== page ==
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Thomas R. Perrotta is an American novelist and screenwriter best known for his novels Election (1998) and Little Children (2004), both of which were made into critically acclaimed, Golden Globe-nominated[…]

Tom Perrotta on whether literature is dead.

Question: Was the Nobel Committee Chair accurate in calling American readers insular?

Perrotta:    I wouldn’t necessarily dispute the idea that we’re insular.  I know I certainly feel like I think a lot more about America as America than I do about America in the world, and I certainly don’t read the amount of fiction and translation that I used to, and we don’t publish the amount of fiction and translation that we used to.  That said, yeah, I don’t know that insularity equates completely with ignorance and I also feel like it’s a two-way street and I think…  You know, I know for years I had trouble getting my work published internationally and there’s a sense that it was too American that, you know, where you think that in a way the more American the fiction was the more interesting it would be to people overseas, you know, because that’s one of the really valuable ways of fiction functions, I think, in the world, which is just giving us windows on worlds that we don’t have access to.  So, you know, I can…  And, look, we throw around our weight quite a bit in the world culturally, militarily, economically, and I think, you know, I think you’re seeing a little bit of a push back from the Nobel Prize Committee when they talk like that and it seems like, really, you know, you can just hear it, it has nothing to do with the quality of the literature and I would… I haven’t read Le Clezio’s work, so I don’t know.  He may be a great writer for all I know.  It’s hard to imagine that he’s a more important writer than Phillip Roth, for example.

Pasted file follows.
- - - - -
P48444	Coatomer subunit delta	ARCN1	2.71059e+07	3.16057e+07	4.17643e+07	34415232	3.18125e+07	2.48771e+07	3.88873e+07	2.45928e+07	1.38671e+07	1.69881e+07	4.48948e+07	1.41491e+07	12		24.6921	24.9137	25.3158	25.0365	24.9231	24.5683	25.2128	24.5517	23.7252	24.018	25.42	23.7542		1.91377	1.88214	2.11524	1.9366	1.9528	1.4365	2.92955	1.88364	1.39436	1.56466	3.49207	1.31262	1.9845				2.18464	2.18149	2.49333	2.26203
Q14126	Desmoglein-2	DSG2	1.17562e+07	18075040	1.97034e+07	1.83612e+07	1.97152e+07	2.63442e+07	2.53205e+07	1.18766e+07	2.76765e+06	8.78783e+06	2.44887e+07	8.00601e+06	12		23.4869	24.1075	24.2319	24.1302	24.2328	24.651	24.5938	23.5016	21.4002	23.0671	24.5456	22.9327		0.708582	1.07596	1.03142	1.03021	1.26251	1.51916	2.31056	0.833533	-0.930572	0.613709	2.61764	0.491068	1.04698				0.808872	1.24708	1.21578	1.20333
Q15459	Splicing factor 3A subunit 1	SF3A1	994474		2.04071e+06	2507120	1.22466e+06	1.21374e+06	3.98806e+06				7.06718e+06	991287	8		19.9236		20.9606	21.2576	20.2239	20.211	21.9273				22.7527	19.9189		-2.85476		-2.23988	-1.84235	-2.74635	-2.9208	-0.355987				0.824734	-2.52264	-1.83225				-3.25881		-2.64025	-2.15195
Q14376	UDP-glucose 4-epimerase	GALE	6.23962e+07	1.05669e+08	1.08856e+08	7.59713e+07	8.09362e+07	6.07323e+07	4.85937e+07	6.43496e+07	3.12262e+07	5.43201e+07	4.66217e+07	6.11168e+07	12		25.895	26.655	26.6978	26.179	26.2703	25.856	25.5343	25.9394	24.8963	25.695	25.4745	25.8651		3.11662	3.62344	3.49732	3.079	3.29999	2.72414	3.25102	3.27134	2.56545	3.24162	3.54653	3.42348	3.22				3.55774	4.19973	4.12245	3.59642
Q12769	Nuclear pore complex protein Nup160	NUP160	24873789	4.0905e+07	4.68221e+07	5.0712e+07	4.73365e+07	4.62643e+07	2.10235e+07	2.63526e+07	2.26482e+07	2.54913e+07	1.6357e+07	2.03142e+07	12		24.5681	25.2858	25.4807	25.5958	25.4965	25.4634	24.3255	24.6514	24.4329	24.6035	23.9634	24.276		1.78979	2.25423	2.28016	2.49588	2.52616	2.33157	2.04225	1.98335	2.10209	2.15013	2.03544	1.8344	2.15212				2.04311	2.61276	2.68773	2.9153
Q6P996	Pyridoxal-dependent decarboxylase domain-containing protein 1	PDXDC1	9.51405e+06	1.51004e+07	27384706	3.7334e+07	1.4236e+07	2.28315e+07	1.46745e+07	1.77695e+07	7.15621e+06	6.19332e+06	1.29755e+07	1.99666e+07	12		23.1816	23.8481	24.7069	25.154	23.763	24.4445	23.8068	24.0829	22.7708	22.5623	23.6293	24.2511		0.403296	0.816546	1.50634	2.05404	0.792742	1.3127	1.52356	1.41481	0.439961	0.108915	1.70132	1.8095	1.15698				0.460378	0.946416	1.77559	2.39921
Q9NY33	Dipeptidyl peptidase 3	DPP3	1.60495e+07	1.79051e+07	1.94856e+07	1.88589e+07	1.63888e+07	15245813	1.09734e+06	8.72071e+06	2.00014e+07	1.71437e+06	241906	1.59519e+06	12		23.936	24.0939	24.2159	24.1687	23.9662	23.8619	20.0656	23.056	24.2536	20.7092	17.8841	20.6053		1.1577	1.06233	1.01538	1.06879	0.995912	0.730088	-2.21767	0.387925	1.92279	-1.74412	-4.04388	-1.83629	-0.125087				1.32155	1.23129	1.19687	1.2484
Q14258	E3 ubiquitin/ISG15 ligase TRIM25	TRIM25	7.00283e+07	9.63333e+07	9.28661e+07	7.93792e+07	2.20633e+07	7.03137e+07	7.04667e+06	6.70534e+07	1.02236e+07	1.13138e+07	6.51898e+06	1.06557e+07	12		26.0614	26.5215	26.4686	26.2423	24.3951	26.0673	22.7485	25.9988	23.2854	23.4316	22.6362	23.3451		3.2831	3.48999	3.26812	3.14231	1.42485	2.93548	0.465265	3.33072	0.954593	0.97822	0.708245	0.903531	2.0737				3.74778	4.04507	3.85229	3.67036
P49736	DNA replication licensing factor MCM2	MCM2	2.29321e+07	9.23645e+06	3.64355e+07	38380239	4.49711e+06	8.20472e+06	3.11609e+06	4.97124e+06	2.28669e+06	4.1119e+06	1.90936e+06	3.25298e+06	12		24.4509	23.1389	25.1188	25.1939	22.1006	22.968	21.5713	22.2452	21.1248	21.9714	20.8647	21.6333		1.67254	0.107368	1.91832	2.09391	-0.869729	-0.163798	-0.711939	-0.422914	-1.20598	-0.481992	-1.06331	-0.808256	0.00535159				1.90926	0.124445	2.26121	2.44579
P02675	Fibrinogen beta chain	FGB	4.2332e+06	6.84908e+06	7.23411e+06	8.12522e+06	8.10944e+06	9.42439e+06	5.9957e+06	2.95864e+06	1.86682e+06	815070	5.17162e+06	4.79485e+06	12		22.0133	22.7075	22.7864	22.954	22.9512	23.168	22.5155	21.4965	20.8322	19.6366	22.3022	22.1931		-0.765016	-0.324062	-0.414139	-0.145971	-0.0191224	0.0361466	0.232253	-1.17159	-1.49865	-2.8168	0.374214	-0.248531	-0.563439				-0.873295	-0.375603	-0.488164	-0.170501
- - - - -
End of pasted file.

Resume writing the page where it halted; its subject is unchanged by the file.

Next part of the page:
Question: Why is there so little literature in translation read in the US?

Perrotta:    I actually think it reflects the American publishing world.  So, for instance, when I was in college, there’s a lot of Eastern European fiction that was being translated, and there’s a sense that you weren’t really a literate person if you weren’t reading Kundera or [IB].  Later on, you know, Latin American literature, you know, if you weren’t reading Vargas Llosa.  And I think, you know, to a large extent that’s… well, I wouldn’t say it’s vanished, but there’s really been a diminishment of the number of foreign works that are published here and published with the kind of fanfare and sense of occasion that used to happen.

Question: Is literature valued in American culture?

Perrotta: I just don’t think reading is the central activity that it used to be and, obviously, you know, for a cultural form to thrive it’s got to succeed within a cultural context and it’s got to be able to compete for people’s attention with film, with video games, with the Internet.  You know, reading’s [in an influx].  It’s, you know, it’s not like there’s some eternal human condition where people are going to have the time and focus to read a 600-page novel every week.  You know, it’s not the 19th century.  It’s so much busier, you know, there’s just so many claims on people’s attention and I do think that literature is being displaced.  I don’t think it’s going to disappear but I think that it’s becoming a little more peripheral and a little, you know… I would hate to say it, but I’ve seen it with poetry in my own life.  You know, poetry seemed like a pretty major central thing in the ‘60s, you know, people like Sylvia Plath and Robert [Lowe] were cultural heroes and it’s really hard to say that there’s a figure that’s equivalent right now.  You know, poetry has become a kind of cult practice, you know, you go to a poetry reading and most of the people in the audience are poets.  It’s a very small audience that is mostly speaking to itself rather than speaking to a broad culture, and that hasn’t happened yet with fiction and non-fiction.  But I know a lot of literary novelists are really struggling to find an audience and I’m, you know, not sure that that audience will be around in another generation or two.  I hope that’s not the case and I don’t want to be, you know, too gloomy about it, but I do think there’s some… When I look at kids I know who are high school age, I don’t know that they see literature as some totally crucial area of cultural transmission to put it in, you know, in grand terms.